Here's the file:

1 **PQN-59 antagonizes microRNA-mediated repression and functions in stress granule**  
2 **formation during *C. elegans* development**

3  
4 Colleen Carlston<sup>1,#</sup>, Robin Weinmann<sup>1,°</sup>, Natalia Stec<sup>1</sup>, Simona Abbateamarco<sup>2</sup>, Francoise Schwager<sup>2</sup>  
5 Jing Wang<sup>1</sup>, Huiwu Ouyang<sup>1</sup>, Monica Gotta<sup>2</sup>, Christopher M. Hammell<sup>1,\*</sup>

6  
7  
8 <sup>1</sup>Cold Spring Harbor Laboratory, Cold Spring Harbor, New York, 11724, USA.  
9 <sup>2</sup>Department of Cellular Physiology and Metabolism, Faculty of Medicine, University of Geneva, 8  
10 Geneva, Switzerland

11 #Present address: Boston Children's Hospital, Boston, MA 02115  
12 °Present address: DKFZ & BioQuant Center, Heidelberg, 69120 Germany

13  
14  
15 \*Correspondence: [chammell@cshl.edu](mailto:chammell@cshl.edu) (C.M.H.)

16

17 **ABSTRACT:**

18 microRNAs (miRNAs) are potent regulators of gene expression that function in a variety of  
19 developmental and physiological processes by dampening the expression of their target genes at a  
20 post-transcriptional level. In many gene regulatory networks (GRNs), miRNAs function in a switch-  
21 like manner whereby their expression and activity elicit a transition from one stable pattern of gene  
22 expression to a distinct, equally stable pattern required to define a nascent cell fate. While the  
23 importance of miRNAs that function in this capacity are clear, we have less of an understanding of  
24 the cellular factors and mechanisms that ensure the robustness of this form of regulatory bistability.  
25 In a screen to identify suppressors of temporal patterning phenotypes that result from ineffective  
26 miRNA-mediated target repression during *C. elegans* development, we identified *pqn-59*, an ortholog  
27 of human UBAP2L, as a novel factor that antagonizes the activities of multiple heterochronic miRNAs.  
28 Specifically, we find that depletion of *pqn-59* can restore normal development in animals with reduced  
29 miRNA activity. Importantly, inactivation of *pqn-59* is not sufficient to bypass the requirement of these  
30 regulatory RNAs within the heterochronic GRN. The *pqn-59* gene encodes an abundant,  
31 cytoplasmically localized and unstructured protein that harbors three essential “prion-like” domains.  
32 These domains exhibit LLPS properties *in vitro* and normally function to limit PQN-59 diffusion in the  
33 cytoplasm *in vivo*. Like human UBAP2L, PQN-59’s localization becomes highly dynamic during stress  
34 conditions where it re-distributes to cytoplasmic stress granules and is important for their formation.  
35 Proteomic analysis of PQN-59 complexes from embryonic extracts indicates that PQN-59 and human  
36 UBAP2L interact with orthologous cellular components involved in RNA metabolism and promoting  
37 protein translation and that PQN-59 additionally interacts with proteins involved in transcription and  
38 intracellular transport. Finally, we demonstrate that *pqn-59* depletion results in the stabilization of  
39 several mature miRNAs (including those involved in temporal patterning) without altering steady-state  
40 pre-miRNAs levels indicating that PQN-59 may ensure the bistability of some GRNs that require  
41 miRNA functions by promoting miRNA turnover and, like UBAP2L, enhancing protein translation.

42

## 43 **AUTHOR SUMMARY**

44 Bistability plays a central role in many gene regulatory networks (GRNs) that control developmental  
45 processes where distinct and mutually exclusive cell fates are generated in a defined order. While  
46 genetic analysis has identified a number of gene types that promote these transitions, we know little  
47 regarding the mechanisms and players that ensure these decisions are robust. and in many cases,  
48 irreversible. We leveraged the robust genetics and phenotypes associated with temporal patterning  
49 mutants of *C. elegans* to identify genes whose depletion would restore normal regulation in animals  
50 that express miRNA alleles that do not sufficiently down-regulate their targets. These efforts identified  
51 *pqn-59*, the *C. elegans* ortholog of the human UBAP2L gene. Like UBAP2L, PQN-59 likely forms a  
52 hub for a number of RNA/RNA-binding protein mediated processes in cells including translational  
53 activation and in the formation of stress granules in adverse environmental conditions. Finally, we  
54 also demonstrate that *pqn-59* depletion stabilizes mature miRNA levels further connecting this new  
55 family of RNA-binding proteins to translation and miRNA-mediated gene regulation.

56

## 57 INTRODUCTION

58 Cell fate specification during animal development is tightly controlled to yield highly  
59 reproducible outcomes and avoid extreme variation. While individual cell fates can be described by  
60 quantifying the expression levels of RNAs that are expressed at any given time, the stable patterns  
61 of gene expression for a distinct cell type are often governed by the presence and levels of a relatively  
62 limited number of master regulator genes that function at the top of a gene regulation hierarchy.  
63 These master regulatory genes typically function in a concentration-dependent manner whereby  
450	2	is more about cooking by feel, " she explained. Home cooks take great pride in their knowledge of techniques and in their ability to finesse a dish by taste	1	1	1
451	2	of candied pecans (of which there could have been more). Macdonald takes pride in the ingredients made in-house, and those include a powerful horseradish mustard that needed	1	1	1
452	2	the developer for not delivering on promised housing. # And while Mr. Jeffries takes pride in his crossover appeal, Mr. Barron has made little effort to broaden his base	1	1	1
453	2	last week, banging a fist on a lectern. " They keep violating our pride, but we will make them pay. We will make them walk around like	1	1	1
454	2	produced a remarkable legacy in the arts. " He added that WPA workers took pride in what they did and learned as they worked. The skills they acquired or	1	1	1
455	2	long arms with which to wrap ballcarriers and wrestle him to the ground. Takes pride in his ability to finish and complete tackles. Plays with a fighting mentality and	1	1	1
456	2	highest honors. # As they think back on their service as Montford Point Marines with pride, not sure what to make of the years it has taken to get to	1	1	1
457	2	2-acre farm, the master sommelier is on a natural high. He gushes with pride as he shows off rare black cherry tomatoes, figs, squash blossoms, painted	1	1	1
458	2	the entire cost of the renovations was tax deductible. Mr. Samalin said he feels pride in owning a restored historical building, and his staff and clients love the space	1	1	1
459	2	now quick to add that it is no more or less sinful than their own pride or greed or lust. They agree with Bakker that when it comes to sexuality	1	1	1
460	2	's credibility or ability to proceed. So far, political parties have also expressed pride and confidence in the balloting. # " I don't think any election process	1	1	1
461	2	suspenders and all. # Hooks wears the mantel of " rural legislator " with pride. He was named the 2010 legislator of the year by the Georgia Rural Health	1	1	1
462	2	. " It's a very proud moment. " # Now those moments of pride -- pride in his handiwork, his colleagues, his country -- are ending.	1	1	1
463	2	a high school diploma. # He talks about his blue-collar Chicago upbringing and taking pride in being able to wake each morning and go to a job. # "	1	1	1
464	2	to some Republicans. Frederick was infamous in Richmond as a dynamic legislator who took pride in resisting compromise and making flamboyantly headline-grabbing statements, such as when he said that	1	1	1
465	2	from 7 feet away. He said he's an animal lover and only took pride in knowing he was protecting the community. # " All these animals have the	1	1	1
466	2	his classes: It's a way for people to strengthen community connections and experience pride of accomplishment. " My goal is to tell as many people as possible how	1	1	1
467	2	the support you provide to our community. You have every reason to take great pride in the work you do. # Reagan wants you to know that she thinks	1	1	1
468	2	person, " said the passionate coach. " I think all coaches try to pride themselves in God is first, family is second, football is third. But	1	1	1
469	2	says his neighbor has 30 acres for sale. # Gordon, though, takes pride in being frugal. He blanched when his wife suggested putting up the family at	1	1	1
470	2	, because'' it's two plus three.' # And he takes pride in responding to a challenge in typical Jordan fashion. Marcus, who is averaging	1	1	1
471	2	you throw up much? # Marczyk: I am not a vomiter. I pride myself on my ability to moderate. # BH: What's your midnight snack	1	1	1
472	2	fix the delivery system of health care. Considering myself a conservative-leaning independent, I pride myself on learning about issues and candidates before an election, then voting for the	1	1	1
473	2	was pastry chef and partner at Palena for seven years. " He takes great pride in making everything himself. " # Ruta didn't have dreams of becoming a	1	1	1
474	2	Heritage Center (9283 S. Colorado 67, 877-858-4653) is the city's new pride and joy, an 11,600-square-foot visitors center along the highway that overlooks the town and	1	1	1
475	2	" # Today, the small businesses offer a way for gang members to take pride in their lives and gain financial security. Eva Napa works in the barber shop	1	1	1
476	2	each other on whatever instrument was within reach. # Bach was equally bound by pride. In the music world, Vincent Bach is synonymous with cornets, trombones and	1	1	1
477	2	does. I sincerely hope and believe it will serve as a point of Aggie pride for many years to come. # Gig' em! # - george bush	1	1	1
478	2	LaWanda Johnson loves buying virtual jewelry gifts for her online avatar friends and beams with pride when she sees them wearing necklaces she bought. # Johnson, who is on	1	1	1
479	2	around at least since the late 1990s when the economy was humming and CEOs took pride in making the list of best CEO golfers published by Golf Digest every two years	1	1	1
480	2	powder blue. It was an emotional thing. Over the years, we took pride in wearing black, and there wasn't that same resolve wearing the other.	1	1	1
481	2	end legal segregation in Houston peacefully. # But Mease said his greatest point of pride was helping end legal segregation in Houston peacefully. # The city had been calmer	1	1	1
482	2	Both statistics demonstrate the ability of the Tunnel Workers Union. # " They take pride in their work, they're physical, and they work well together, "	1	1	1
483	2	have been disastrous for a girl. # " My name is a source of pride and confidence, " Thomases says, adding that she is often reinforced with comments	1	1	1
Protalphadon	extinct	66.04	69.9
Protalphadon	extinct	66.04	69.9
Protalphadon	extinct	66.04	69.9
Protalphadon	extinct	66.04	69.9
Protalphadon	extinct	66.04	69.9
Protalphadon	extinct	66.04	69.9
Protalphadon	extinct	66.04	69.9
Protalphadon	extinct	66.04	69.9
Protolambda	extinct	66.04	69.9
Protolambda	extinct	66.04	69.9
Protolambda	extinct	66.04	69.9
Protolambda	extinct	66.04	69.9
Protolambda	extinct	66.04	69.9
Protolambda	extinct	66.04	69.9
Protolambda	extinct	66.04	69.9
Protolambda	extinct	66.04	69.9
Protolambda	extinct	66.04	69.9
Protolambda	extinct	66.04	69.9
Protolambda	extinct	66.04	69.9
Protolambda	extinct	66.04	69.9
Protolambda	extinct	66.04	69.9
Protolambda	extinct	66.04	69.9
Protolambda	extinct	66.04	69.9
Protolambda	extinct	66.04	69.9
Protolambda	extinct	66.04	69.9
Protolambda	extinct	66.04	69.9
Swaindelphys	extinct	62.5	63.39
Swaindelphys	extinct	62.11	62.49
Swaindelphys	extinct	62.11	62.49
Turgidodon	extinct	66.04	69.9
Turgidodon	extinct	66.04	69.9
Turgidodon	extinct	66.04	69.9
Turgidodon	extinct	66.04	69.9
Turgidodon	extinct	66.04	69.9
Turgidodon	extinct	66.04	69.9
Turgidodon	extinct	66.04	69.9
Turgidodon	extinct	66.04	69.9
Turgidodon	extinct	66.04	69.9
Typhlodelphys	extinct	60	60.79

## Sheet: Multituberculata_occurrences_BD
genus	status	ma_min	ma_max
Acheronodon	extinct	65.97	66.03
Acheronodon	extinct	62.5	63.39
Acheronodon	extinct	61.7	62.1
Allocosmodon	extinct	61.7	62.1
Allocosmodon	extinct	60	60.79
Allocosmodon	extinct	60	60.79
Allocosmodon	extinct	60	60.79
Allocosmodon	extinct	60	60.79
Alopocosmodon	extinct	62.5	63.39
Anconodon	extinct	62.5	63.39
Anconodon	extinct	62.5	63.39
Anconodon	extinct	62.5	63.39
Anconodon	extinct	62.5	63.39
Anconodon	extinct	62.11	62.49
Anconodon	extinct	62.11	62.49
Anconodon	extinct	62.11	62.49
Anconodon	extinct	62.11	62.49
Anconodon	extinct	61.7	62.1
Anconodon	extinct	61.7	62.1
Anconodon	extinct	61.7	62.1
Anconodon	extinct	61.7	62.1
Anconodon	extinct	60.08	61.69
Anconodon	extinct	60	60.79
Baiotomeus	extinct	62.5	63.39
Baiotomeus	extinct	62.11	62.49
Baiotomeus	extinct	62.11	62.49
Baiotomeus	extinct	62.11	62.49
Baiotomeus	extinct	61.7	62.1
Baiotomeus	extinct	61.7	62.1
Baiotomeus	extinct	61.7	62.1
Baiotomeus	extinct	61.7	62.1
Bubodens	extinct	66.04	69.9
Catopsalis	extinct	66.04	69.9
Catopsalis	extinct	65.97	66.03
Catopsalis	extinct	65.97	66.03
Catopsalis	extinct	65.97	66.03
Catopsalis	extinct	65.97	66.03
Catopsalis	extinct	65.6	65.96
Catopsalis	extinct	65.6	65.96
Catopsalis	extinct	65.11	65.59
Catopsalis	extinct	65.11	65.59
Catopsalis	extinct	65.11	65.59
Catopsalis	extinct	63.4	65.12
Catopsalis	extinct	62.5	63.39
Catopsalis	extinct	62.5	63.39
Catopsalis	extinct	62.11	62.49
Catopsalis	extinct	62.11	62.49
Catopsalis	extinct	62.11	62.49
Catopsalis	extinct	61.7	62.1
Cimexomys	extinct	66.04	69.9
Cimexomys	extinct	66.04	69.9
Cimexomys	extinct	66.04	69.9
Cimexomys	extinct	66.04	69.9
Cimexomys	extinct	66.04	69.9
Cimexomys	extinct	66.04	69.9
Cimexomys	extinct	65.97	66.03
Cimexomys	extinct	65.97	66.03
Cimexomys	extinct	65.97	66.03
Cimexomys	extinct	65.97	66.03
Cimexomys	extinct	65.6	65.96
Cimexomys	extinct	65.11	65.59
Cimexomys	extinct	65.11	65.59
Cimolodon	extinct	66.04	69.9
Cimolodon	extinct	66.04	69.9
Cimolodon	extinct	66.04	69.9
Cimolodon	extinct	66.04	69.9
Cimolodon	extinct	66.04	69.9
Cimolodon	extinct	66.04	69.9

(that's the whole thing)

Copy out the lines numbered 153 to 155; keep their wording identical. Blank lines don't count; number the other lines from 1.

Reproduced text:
Anconodon	extinct	62.11	62.49
Anconodon	extinct	62.11	62.49
Anconodon	extinct	62.11	62.49